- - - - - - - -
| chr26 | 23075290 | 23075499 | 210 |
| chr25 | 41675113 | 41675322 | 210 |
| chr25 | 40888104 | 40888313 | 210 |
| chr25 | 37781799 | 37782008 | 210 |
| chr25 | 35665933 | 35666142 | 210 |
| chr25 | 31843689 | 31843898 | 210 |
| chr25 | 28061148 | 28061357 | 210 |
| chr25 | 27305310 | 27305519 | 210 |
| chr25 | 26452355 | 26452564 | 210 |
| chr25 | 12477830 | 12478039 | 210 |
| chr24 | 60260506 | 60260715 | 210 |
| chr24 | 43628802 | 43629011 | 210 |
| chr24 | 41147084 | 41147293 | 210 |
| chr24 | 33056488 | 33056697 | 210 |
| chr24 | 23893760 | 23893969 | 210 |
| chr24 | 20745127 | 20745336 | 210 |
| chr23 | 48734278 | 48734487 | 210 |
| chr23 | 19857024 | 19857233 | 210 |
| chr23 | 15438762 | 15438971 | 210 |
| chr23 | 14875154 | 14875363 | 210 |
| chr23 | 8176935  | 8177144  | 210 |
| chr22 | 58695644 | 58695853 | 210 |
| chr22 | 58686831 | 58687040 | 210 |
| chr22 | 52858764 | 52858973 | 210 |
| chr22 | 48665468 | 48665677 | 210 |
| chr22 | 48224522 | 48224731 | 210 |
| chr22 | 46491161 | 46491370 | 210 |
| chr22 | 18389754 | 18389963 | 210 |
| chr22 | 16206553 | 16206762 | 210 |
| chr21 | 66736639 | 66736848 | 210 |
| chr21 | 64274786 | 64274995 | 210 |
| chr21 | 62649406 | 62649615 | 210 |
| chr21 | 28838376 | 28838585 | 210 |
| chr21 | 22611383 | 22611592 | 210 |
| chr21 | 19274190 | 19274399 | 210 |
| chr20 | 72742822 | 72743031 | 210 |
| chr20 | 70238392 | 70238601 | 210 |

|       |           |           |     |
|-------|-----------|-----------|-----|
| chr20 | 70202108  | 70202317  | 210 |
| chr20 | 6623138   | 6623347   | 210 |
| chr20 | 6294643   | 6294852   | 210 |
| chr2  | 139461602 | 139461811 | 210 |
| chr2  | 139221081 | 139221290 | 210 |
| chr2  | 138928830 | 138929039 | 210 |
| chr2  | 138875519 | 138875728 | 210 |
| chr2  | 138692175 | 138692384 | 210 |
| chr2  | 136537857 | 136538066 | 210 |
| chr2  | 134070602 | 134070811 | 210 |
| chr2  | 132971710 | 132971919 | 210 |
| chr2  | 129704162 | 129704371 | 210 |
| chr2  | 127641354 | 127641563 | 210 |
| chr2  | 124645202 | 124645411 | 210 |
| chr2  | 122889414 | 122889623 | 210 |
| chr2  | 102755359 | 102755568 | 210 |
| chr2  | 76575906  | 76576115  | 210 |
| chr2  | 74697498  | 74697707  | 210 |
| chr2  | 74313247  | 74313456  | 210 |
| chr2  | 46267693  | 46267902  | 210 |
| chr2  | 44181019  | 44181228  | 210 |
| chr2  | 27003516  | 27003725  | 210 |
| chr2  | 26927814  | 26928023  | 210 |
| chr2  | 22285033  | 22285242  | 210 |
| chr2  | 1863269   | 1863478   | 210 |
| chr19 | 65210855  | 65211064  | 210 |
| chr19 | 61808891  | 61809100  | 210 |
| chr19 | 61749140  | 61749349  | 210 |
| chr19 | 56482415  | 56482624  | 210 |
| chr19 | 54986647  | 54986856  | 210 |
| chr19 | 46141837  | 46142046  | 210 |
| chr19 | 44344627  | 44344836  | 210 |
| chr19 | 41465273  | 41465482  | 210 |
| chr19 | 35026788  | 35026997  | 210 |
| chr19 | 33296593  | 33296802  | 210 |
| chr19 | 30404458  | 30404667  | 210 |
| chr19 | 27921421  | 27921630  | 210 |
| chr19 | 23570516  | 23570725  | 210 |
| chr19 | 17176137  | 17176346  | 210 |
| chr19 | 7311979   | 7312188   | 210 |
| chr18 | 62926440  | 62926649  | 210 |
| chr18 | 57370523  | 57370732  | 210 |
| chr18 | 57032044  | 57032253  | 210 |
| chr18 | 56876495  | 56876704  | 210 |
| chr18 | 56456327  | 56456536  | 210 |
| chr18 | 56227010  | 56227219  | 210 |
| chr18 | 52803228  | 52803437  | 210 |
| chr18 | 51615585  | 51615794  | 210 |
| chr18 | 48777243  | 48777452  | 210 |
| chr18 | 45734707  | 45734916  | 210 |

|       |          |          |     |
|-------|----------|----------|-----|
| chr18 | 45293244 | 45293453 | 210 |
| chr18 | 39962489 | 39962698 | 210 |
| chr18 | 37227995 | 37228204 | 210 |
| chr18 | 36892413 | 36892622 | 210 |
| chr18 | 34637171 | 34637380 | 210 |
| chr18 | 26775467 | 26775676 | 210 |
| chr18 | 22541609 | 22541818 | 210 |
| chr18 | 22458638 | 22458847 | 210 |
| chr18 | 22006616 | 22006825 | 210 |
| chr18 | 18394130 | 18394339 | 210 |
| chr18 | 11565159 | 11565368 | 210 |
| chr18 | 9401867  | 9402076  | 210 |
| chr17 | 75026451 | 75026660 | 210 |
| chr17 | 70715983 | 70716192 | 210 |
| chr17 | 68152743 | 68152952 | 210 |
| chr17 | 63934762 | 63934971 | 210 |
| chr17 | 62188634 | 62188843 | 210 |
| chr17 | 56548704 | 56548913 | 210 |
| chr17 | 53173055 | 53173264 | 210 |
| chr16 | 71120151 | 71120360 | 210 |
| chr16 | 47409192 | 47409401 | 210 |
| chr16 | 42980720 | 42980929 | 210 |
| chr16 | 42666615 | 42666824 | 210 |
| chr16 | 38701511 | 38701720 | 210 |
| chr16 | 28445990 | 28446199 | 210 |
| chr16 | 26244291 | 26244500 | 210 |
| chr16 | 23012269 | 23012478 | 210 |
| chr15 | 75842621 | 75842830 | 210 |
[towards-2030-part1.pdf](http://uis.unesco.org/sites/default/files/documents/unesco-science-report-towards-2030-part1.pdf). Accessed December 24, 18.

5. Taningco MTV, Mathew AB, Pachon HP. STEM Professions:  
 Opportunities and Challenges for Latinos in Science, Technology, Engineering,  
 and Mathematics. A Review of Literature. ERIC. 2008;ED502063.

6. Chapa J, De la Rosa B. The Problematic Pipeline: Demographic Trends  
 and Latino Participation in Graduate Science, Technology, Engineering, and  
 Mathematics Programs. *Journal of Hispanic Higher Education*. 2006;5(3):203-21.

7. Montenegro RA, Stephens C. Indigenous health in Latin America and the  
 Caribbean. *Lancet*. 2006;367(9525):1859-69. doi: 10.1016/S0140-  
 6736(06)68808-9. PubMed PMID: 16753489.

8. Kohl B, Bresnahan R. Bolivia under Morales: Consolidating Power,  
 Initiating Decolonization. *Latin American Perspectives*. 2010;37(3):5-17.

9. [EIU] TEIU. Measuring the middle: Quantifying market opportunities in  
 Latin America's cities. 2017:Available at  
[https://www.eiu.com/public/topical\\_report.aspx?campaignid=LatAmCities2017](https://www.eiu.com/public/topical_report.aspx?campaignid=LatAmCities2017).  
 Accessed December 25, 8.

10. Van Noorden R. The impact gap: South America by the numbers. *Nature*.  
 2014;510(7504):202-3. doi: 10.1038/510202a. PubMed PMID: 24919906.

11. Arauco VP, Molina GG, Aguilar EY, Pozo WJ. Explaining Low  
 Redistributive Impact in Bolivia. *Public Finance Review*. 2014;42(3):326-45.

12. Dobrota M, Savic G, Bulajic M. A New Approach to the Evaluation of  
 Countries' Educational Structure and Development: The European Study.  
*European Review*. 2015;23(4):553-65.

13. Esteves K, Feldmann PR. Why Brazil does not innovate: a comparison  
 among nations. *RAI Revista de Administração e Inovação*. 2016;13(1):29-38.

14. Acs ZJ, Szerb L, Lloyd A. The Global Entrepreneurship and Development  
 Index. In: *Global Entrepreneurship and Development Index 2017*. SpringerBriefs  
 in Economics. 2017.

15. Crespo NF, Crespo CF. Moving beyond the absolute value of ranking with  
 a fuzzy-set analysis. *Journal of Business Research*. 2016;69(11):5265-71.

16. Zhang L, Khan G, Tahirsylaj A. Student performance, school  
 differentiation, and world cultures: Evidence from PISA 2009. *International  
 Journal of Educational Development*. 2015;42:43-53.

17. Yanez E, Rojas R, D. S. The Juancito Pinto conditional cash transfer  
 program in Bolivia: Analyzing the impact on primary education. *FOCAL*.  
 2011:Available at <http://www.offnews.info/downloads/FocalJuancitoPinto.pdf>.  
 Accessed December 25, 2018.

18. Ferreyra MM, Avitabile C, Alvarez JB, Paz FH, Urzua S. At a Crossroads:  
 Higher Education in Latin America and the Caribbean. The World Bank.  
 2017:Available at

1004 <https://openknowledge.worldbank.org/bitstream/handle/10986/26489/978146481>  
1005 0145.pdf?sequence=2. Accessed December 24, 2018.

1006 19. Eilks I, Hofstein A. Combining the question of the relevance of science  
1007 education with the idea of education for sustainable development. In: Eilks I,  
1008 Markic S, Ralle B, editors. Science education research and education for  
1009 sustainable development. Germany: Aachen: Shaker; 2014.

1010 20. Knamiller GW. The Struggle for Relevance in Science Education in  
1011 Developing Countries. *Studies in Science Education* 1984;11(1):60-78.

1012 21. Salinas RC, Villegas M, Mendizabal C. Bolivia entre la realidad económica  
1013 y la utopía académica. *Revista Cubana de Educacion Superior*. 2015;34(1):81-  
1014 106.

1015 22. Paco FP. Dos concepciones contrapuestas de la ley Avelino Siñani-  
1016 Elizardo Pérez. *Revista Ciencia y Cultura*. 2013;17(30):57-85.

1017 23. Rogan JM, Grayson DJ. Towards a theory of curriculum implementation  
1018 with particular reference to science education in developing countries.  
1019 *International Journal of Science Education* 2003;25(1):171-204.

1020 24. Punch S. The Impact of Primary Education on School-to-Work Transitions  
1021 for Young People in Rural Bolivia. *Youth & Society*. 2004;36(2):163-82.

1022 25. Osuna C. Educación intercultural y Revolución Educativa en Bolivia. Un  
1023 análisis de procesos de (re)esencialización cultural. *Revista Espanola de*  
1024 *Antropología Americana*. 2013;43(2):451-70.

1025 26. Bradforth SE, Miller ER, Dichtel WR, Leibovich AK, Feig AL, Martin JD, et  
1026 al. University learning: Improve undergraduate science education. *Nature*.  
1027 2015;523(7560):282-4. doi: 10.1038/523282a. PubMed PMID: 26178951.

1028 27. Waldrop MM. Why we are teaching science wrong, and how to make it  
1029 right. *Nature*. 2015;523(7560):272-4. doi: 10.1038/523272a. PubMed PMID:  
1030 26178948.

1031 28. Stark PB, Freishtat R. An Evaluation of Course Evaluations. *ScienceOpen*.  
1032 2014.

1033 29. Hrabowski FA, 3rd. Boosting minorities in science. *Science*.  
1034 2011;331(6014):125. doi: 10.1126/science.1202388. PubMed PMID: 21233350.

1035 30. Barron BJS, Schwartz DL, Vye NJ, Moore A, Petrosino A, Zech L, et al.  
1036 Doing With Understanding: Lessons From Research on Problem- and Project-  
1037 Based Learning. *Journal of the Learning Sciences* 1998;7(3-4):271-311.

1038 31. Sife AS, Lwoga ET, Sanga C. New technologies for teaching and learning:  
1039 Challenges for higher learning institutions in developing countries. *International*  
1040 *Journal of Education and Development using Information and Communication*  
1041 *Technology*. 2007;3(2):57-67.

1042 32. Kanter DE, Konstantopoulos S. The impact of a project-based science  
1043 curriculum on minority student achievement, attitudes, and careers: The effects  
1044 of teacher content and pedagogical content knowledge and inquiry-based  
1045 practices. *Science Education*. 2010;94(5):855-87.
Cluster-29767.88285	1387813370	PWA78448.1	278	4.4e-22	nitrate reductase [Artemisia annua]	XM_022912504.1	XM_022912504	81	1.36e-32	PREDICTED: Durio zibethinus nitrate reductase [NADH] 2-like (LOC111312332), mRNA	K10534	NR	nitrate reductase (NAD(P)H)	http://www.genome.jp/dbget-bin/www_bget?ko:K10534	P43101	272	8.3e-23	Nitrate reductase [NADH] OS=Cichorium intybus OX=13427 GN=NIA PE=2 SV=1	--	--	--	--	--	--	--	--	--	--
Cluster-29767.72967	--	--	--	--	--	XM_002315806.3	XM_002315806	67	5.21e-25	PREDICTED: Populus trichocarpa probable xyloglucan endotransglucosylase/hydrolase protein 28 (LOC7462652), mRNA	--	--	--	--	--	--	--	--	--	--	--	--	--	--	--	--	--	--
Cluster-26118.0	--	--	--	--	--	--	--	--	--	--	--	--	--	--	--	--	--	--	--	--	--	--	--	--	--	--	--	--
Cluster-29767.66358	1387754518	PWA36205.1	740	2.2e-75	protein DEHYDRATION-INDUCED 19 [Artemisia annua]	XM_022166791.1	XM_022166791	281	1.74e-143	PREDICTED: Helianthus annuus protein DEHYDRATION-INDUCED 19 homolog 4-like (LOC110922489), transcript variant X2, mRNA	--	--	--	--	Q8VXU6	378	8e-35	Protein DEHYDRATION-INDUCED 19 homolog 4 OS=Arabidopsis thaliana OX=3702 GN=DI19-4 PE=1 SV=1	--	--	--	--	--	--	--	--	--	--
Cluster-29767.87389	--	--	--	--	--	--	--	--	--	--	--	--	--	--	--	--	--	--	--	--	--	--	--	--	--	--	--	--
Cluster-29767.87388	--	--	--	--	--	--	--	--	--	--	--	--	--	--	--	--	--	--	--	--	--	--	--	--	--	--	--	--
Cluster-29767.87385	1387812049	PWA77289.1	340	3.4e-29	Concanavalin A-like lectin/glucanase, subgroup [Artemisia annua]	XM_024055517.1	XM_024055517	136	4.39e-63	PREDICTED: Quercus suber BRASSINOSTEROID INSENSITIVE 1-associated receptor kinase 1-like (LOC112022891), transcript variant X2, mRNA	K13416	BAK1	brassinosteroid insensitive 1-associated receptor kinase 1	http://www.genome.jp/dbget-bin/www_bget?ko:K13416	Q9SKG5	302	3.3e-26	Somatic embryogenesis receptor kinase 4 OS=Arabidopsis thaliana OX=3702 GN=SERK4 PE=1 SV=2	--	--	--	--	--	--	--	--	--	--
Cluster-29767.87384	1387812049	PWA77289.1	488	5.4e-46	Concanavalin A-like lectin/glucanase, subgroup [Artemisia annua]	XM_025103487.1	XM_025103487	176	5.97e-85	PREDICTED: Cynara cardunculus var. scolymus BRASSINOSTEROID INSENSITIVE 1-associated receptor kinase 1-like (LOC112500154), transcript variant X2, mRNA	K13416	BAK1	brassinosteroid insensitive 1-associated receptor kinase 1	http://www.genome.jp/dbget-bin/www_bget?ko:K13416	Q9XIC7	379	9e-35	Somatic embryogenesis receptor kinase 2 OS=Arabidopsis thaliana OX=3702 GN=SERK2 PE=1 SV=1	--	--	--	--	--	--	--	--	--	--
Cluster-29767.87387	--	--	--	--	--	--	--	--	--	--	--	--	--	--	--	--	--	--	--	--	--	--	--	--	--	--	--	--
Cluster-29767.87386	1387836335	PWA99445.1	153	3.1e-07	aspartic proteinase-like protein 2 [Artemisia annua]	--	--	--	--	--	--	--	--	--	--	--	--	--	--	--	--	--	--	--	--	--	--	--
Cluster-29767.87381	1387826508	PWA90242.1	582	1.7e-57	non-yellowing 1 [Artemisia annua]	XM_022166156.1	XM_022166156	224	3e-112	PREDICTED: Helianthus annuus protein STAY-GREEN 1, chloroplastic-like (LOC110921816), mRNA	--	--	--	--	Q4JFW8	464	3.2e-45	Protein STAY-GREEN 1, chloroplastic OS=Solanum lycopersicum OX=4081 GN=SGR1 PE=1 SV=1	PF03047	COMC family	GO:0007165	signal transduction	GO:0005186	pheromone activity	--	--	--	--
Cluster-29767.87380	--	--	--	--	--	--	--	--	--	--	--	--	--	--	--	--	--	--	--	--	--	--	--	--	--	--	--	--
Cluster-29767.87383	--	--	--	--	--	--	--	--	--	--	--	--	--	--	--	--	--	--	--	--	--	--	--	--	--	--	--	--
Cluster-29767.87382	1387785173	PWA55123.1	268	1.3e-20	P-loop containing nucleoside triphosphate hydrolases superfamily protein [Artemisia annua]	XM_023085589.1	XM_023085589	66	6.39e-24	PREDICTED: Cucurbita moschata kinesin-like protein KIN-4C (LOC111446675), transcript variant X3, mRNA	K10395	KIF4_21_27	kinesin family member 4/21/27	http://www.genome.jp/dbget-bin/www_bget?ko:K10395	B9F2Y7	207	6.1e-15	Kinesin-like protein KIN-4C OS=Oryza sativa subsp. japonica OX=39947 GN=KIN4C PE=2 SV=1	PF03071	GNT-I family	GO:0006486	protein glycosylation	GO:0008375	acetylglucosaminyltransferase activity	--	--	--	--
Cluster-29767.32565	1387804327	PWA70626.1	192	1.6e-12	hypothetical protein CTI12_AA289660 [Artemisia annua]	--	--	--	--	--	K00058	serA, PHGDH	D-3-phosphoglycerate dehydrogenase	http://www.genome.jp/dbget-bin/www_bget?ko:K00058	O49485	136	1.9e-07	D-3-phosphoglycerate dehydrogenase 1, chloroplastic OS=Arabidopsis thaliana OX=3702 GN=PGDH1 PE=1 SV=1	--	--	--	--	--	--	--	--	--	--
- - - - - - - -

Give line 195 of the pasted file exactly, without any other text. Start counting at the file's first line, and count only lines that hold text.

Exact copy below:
1039 Challenges for higher learning institutions in developing countries. *International*  